A disease of the joints due to an excess of uric acid in the blood.
Causes of Gout
Somewhat unfairly, gout has the image of a self-inflicted disease, the result of overindulgence on heavy wines and red meat. In fact, most cases have little to do with lifestyle.
The condition is due to excess uric acid within the body. Uric acid is produced by the digestion of protein and is usually excreted in urine. If the blood contains too much uric acid, it can crystallize inside the joints, the earlobes and the kidneys.
People who have gout nearly always have an inherited tendency to high blood levels of uric acid. There arc certain drugs that can increase uric acid levels, notably thiazide diuretics used to treat high blood pressure such as bendrofluazide. A much less common cause is anything that increases cell turnover, and therefore protein load; this includes certain forms of leukaemia.
Those with a tendency to gout may indeed find that overindulgence in rich foods or alcohol brings on an attack, probably by giving a little more protein than the body can handle. The disease is very unusual in women. It is most common in middle-aged men; finding it in a young person should prompt a search for an underlying blood disorder.
Symptoms of Gout
The most common initial symptom is sudden and extreme pain in one joint – most often the big toe, although any joint can be affected including the knees, elbows and shoulders. The pain is a result of crystallization of uric acid within the joint, which becomes swollen, hot and reddened, and tender to the slightest movement. Pain lasts for several days.
After repeated attacks the joints become misshapen and stiff. Crystals also precipitate in the ear lobes and the tissues around joints. Crystals may form within the kidneys, affecting kidney efficiency. These complications are unusual nowadays because the disease is recognized early and treatment is straightforward. The diagnosis is confirmed by finding high blood levels of uric acid, or by showing that fluid from an affected joint contains crystals of uric acid.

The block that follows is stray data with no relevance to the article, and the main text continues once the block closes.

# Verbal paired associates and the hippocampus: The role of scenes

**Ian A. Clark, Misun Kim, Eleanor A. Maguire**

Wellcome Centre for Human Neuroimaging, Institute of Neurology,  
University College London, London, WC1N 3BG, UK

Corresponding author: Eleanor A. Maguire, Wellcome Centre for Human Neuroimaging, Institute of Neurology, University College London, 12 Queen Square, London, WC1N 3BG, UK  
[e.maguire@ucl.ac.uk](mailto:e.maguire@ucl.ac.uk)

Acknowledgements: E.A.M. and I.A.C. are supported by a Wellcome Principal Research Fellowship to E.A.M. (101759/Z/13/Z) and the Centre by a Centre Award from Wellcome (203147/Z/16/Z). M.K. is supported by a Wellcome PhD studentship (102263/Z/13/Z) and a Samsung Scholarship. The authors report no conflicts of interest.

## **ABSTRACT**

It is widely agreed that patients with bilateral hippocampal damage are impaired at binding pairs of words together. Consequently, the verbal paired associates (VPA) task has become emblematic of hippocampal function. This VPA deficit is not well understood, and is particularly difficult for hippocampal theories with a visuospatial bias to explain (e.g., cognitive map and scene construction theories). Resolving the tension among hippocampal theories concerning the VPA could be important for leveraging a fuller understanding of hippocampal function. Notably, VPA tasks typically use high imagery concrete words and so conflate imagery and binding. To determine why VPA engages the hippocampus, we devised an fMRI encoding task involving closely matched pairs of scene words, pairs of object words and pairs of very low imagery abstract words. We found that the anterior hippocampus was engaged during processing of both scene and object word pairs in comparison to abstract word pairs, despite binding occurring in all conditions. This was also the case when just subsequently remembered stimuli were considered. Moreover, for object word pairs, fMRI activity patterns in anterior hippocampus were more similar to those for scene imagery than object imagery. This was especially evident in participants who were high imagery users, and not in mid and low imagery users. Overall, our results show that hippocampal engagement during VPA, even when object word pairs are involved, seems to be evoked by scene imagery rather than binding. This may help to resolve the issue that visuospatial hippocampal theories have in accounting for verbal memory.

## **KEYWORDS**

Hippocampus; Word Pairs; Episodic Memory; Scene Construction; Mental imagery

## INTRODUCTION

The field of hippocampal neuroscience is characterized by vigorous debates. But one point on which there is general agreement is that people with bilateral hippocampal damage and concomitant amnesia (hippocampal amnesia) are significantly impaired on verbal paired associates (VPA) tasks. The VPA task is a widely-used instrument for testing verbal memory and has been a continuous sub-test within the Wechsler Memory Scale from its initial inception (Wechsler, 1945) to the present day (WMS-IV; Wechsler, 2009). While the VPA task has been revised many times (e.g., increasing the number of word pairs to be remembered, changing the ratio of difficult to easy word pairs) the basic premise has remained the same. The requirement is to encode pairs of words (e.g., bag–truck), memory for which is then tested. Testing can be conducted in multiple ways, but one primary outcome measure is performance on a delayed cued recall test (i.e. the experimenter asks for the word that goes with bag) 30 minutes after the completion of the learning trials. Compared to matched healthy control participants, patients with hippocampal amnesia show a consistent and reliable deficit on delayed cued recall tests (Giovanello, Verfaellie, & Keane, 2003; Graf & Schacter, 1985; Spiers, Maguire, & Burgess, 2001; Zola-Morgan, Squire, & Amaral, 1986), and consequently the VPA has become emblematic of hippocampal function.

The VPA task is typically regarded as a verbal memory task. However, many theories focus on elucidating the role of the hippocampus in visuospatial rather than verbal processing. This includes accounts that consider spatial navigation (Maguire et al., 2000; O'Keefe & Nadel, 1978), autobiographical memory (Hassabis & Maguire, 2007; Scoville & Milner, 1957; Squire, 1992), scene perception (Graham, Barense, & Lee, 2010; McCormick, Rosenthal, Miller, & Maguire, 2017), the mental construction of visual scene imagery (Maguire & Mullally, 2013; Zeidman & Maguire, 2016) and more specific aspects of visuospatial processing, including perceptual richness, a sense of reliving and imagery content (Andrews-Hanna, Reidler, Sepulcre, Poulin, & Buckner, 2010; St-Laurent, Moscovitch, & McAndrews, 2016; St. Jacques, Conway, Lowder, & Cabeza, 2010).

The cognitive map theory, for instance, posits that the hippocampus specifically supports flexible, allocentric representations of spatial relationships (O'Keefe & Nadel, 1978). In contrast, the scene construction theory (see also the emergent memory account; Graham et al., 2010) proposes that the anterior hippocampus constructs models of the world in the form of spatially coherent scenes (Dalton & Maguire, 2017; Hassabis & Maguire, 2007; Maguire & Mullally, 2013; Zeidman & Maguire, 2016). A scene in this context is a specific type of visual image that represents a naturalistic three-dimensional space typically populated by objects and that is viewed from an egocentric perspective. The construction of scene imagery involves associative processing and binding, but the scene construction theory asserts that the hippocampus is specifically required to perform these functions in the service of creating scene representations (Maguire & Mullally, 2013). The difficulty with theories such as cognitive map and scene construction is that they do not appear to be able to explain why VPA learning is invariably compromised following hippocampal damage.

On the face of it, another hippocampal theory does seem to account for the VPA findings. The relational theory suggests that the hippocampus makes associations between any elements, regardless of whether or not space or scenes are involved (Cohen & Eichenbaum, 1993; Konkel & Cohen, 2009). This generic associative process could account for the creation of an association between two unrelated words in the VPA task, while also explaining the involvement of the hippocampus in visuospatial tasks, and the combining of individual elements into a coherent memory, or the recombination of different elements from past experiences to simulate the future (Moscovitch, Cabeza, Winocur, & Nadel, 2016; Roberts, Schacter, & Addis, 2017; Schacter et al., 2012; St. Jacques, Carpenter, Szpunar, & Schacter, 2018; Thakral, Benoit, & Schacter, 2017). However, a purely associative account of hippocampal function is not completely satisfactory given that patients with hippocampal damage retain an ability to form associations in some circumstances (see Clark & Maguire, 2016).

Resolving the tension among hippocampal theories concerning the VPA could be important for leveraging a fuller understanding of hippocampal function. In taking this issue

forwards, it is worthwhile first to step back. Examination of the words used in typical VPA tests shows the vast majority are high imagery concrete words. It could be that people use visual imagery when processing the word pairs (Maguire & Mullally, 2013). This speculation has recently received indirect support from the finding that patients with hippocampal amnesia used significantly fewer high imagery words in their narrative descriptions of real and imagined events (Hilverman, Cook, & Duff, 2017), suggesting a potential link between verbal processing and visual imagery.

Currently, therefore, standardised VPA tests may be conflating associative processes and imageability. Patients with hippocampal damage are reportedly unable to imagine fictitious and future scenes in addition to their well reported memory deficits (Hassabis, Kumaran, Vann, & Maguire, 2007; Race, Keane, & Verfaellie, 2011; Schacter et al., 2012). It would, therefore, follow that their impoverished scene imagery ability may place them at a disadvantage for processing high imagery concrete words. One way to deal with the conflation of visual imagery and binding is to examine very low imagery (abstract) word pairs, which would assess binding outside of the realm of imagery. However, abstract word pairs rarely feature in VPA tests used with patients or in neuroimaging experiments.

Treatment of Gout
Immediate relief is the first priority in the treatment of gout and this is effectively given by an anti-inflammatory drug such as ibuprofen, indomethacin or diclofenac but not aspirin.
Failing that, one old remedy for gout is colchicine, although this does tend to cause diarrhoea as a side effect. It is important to review any medication people with gout may be taking in case certain drugs are to blame and, if so, to stop or alter their dosage. A blood count will detect the rare blood disorders that can cause gout. Some adjustments to lifestyle may be sensible, especially reducing alcohol intake and being cautious about rich foods.
Many people with gout have only occasional attacks, which are adequately handled by pain relief alone. However, if attacks are frequent, if there is kidney damage or if the blood uric acid is persistently very high, then long-term treatment usually becomes advisable. Allopurinol is the mainstay. This is a drug that increases the output of uric acid in the urine by making it into a more water-soluble form. Taken just once a day and with few side effects, allopurinol now makes the complications of gout a thing of the past for the great majority of sufferers.
Western herbalism remedies containing celery seed can speed up uric acid excretion, helping to reduce pain and inflammation. Celery seed is particularly useful in cases of recurrent gout. Chakra balancing can be used for pain control. Hypnotherapy can be used for pain relief, and to change unwanted patterns of behaviour. Possible Ayurvedic treatments include panchakarma detoxification, oral medications and diet. Other therapies to try: Chinese herbalism; homoeopathy; cymatics; autogenic training.